Film Review: The Super Mario Bros. Movie is a safe, shiny, optimistic vehicle that will “level up” for families these school holidays

We’ll address the elephant in the room first.  Yes, Chris Pratt does indeed adopt a stereotypical Italian accent for his voice work as Mario in The Super Mario Bros. Movie.  No, it’s actually not as offensive or as wince-inducing as you may be anticipating because, quite ingeniously, the film makes a joke out of the worst inflection people will be expecting.

Without giving away the rather amusing gag that screenwriter Matthew Fogel (Minions: The Rise of Gru) executes towards the beginning of the film, The Super Mario Bros. Movie overcomes any issues audiences may have with its voice cast by actually undoing itself with the most basic of plots, a surprising move that actually separates our titular brothers, and a heavy reliance on Easter eggs and nostalgia for the very game it’s based on.

Now, the latter isn’t exactly the worst additive, as certain music cues, visual imagery and sound effects throughout are sure to trigger the smiles of many a fan of the original video game – this reviewer included – but such service also can’t help but be seen as a shiny distraction.  With such a built-in world of possibilities, directors Aaron Horvath and Michael Jelenic (Teen Titans Go! To the Movies) – no doubt hoping to erase the ambitious live-action film from 1993 from being the theatrical product associated with such a name – are smart enough to lean into the quirks and perks of the game (the Mario Kart sequence is sure to delight), but given that this is also a collaboration with Illumination, the animated studio responsible for unleashing the Minions movies onto an unsuspecting public, it means the younger, unversed crowd are catered to in a manner that means any familiarity with the game doesn’t need to be necessarily met.

The story that is assembled here, one that manages to incorporate a variety of set-pieces that draw direct inspiration from both the Mario and Donkey Kong video game franchises, sees our loveable titular duo, Mario (Pratt) and Luigi (Charlie Day), off to make a name for themselves in the world of professional plumbing.  Their first ever job as solo contractors ultimately sends them on a journey deep into the sewer pipeline system of Brooklyn and, unwillingly, transported to the Mushroom Kingdom, where Bowser (Jack Black), a monstrous, fire-breathing anthropomorphic turtle (your standard villain fare, really), is looking to destroy the Mushroom Kingdom in his quest for (magical under) world domination.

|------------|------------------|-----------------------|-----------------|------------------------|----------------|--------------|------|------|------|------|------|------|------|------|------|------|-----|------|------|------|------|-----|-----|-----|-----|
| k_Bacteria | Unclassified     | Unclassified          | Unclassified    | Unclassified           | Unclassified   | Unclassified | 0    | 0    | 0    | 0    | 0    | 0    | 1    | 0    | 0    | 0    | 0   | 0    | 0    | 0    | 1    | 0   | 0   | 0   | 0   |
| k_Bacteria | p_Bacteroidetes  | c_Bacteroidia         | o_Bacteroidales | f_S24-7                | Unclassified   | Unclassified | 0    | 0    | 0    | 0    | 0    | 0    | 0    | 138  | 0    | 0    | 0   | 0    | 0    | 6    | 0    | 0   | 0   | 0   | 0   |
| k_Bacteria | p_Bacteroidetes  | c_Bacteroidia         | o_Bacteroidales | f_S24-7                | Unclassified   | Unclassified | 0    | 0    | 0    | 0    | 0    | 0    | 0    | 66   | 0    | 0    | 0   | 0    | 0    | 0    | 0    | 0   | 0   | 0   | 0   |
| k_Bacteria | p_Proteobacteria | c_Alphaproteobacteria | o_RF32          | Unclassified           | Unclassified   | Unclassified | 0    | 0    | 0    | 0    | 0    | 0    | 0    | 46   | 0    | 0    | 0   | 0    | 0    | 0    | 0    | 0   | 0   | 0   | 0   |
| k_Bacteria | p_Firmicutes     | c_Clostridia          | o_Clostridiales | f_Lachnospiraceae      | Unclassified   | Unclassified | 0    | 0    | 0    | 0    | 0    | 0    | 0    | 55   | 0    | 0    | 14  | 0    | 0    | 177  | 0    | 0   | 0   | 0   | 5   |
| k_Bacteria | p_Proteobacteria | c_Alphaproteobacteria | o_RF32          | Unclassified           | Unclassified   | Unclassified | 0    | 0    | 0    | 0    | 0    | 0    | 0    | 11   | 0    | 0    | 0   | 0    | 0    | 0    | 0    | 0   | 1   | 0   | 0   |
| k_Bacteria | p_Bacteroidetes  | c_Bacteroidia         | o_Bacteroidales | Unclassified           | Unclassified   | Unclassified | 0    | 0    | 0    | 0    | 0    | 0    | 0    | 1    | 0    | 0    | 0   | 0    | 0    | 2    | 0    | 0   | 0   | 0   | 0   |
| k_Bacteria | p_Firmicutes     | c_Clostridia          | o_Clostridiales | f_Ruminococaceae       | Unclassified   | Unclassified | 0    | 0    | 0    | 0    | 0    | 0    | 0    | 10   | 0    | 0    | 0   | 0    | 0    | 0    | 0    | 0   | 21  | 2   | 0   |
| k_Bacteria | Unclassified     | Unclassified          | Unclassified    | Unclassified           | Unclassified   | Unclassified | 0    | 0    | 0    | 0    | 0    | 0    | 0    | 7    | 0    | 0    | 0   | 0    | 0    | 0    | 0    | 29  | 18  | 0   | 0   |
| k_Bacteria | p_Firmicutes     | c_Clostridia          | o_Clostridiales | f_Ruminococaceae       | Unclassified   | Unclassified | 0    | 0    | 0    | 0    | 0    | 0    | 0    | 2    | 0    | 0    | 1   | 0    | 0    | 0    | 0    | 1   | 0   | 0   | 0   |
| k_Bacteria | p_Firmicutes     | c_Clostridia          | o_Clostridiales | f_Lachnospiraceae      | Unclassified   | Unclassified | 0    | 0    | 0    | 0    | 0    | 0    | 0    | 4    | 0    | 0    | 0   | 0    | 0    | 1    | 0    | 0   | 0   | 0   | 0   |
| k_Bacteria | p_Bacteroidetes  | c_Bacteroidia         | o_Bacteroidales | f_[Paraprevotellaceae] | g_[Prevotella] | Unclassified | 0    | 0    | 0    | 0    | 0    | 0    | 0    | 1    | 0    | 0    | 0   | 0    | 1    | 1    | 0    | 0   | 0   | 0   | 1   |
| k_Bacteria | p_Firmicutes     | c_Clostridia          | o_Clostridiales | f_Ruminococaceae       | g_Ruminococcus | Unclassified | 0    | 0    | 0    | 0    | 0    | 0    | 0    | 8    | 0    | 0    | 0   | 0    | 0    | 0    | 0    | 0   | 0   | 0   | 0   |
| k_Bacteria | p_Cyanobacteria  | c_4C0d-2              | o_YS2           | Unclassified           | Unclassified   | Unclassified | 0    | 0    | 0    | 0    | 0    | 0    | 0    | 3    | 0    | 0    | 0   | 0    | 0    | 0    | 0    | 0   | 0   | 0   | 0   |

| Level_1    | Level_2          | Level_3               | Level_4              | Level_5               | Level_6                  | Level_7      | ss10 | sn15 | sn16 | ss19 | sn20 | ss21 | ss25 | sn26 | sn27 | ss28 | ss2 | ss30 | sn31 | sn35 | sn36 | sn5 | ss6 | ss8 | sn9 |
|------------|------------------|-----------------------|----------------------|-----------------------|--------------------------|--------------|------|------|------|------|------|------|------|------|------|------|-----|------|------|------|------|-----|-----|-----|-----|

It’s the type of preposterous storytelling that so many animated films have thrived off of, and considering the absolute basicness of the plot of the actual Mario game – one that usually surrounds the saving of perennial damsel-in-distress, Princess Peach – you have to hand it to Fogel for at least coming up with a storyline that (lightly) moves itself coherently from start to finish.  Sure, there’s inexplicable sequences of Bowser crooning his heart out for Peach, who he pines for, and the entire set-piece around the introduction of Donkey Kong (an amusing Seth Rogen) is, again, more designed to satisfy experienced players, but there’s conflict created, a through-line to resolution, and enough safe fun to be had along the way.

Whilst some purists may disagree, or worse, cry woke, the update afforded to the character of Princess Peach (Anya Taylor-Joy) is actually one of the film’s strongest ingredients.  Quite amusingly it’s Luigi who is essentially painted as the story’s distress-ridden “damsel” when he and Mario are separated early on during their rainbow-assisted world-travel to the Mushroom Kingdom.  Mario quite easily accepts his new surroundings (no need for any existential crisis) and Peach’s right-hand, Toad (Keegan-Michael Key), is an amusing embodiment of exposition, leading Mario on the path of glory to claim victory against Bowser and save his brother.

It all basically travels where you expect it to, and it does so in an infectious, optimistic type of way that deems the film ultimately too harmless and joyful to cause concern or offence.  It hits all the beats needed to maintain focus, and, if nothing else, it’s an impossibly gorgeous film to look at, with the rendered animation producing some of the most stunning visuals in the Illumination catalogue.

The perfect distraction for families this school holiday season, The Super Mario Bros. Movie, with its “franchise” temperament practically imprinted into its code upon arrival, perhaps plays it too safe on its first level, but secondary tiers – one of which is teased at the very end of the credits – will hopefully make way for further world building and a more confident mentality in not having to submit to fan service.


The Super Mario Bros. Movie is now screening in Australian theatres.

Peter Gray

Seasoned film critic. Gives a great interview. Penchant for horror. Unashamed fan of Michelle Pfeiffer and Jason Momoa.